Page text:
You should also notice how the teeth come together or “bite.” If you notice the lower front teeth biting in front of the upper (the opposite of normal) it may be a developing underbite. If you see a space between the upper and lower teeth when they bite down, this is a sign of an open bite. Or, if the upper front teeth seem to come down too far over the lower, this could mean a deep bite: in extreme cases the lower teeth actually bite into the roof of the mouth behind the upper teeth.
You should also look for crossbites, in which the teeth in one part of the mouth bite abnormally in front or behind their counterparts, while teeth in other parts bite normally. For example, you might notice if the back upper teeth bite inside the lower teeth (abnormal), while the front upper teeth bite outside the lower front teeth (normal).
The important thing is to note anything that doesn't look right or seems inconsistent with how your child's teeth look or how they function. Even if you aren't sure it's an issue, contact us anyway for an examination. If it really is a developing bite problem, starting treatment now may lessen the extent and cost of treatment later.
Have you heard about interceptive orthodontics? This type of early intervention could benefit perhaps 10â??20% of children who need orthodontic treatment, making a positive impact on tooth and jaw development, facial symmetry, and overall self esteem. In case you’re not familiar with it, here are the answers to some common questions about interceptive orthodontic treatment.
Q: What’s the difference between interceptive orthodontics and regular orthodontics?
A: Standard orthodontic treatment typically involves moving teeth into better positions (usually with braces or aligners), and can be done at any age. Interceptive orthodontics uses a variety of techniques to influence the growth and development of teeth and jaws, with the aim of improving their function and appearance. Because it works with the body’s natural growth processes, interceptive treatment is most effective before the onset of puberty (around age 10-14), when growth begins to stop. It is generally not appropriate for adults.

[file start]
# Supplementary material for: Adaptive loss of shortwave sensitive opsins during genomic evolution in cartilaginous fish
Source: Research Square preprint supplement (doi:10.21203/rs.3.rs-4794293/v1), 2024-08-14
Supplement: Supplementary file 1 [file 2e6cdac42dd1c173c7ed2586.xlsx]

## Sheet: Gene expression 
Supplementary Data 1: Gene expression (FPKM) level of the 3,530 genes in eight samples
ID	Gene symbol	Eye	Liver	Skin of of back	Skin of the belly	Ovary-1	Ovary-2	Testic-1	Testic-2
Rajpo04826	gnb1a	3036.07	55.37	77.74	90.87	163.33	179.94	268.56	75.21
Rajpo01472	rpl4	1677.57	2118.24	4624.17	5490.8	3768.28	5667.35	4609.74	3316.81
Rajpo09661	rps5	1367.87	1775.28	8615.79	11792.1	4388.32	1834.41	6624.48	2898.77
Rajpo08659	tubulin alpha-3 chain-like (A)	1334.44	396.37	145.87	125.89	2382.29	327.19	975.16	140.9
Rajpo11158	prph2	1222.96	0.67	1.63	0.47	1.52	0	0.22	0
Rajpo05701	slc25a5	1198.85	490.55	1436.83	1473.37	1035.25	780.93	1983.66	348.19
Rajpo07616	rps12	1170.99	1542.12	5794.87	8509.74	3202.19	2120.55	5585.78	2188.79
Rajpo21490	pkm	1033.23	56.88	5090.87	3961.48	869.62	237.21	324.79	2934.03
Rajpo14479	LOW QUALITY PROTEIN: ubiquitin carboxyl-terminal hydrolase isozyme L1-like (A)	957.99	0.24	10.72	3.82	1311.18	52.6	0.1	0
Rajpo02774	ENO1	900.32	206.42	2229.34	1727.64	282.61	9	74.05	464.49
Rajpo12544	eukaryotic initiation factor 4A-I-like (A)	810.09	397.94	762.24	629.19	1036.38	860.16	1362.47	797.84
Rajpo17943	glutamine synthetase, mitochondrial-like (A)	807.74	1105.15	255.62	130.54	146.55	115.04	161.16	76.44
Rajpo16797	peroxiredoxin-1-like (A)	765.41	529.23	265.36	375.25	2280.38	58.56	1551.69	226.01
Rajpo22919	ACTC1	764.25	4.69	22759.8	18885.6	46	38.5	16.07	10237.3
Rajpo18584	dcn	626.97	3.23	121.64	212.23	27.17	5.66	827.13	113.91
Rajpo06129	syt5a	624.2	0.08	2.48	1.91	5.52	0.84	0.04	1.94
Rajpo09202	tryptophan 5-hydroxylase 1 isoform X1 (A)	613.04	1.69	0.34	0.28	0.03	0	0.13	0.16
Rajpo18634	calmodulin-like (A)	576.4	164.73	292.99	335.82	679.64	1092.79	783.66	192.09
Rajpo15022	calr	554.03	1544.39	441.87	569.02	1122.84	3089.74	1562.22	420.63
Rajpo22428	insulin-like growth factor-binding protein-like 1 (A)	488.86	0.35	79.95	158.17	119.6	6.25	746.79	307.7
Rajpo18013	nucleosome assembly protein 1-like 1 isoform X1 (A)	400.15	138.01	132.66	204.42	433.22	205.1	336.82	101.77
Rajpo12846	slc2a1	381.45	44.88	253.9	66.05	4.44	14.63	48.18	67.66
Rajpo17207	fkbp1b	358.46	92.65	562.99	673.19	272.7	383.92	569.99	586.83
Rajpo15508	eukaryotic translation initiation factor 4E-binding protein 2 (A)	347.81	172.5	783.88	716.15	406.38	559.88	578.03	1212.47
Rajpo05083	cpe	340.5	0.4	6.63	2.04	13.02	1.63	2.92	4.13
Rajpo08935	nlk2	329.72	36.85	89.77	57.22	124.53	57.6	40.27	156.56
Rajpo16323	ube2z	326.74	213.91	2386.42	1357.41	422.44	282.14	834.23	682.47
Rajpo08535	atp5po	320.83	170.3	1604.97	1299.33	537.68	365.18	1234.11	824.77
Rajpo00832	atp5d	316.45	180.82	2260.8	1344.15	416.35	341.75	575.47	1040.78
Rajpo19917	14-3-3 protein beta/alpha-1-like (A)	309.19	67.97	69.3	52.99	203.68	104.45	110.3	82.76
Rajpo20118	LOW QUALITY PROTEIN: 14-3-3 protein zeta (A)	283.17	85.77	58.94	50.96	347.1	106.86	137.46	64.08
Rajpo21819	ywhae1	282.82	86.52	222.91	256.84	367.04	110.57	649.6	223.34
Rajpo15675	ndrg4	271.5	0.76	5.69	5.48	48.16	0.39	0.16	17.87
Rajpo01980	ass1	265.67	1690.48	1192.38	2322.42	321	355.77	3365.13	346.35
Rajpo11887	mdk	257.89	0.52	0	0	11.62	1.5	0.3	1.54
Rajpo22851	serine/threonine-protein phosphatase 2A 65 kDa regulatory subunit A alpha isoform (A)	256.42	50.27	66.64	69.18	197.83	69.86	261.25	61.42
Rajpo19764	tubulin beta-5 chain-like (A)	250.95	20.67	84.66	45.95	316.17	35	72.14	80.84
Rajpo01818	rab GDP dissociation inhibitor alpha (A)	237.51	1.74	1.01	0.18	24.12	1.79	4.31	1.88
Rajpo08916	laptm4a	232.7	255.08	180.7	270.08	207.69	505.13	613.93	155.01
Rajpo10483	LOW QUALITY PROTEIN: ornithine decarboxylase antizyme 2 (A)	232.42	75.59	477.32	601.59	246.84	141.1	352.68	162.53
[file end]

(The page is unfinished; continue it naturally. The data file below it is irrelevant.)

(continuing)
Q: What are the advantages of early treatment with interceptive orthodontics?
A: When it’s done at the right time, interceptive treatment offers results that would be difficult or impossible to achieve at an older age without using more complex or invasive methods — for example, tooth extraction or jaw surgery. That’s why the American Association of Orthodontists, among other professional organizations, recommends that all kids have their first orthodontic screening at age 7.
Q: What are some common issues that can be treated with interceptive orthodontics?
A: One is crowding, where there is not enough room in the jaw to accommodate all the permanent teeth with proper spacing in between. A palatal expander can be used to create more room in the jaw and avoid the need for tooth extraction. Another is a situation where the top and bottom jaws don’t develop at the same rate, resulting in a serious malocclusion (bad bite). A number of special appliances may be used to promote or restrict jaw growth, which can help resolve these problems.
Q: How long does interceptive orthodontic treatment take?
A: Depending on what’s needed, a child might wear a device like a palatal expander or another type of appliance for 6-12 months, followed by a retainer for a period of time. Or, a space maintainer may be left in place for a period of months to hold a place for a permanent tooth to erupt (emerge from the gums). Interceptive treatment ends when a child’s jaw stops growing.
Q: Will braces still be needed after interceptive treatment?
A: Often, but not always, the answer is yes. However, interceptive treatment may shorten the period of time where braces need to be worn, and can help prevent many problems later on.
If you have additional questions about interceptive orthodontics, please contact our office or schedule a consultation. You can learn more in the Dear Doctor magazine article “Early Orthodontic Evaluation.”